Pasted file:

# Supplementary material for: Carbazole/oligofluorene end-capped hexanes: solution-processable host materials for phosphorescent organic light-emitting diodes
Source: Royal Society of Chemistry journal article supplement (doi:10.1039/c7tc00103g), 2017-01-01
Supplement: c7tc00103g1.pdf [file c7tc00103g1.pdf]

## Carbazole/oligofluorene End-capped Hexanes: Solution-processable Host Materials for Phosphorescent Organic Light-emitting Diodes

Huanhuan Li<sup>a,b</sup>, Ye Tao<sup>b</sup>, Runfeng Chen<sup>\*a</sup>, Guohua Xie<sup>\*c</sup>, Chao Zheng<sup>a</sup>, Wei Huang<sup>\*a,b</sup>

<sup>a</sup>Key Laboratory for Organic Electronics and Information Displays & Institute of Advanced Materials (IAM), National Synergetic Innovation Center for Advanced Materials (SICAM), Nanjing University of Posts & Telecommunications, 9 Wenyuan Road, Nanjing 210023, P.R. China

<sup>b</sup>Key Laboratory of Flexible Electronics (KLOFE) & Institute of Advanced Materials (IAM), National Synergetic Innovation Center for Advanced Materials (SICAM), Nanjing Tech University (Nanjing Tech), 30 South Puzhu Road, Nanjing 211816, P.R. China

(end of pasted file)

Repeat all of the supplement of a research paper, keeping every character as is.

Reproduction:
# Supplementary material for: Carbazole/oligofluorene end-capped hexanes: solution-processable host materials for phosphorescent organic light-emitting diodes
Source: Royal Society of Chemistry journal article supplement (doi:10.1039/c7tc00103g), 2017-01-01
Supplement: c7tc00103g1.pdf [file c7tc00103g1.pdf]

## Carbazole/oligofluorene End-capped Hexanes: Solution-processable Host Materials for Phosphorescent Organic Light-emitting Diodes

Huanhuan Li<sup>a,b</sup>, Ye Tao<sup>b</sup>, Runfeng Chen<sup>\*a</sup>, Guohua Xie<sup>\*c</sup>, Chao Zheng<sup>a</sup>, Wei Huang<sup>\*a,b</sup>

<sup>a</sup>Key Laboratory for Organic Electronics and Information Displays & Institute of Advanced Materials (IAM), National Synergetic Innovation Center for Advanced Materials (SICAM), Nanjing University of Posts & Telecommunications, 9 Wenyuan Road, Nanjing 210023, P.R. China

<sup>b</sup>Key Laboratory of Flexible Electronics (KLOFE) & Institute of Advanced Materials (IAM), National Synergetic Innovation Center for Advanced Materials (SICAM), Nanjing Tech University (Nanjing Tech), 30 South Puzhu Road, Nanjing 211816, P.R. China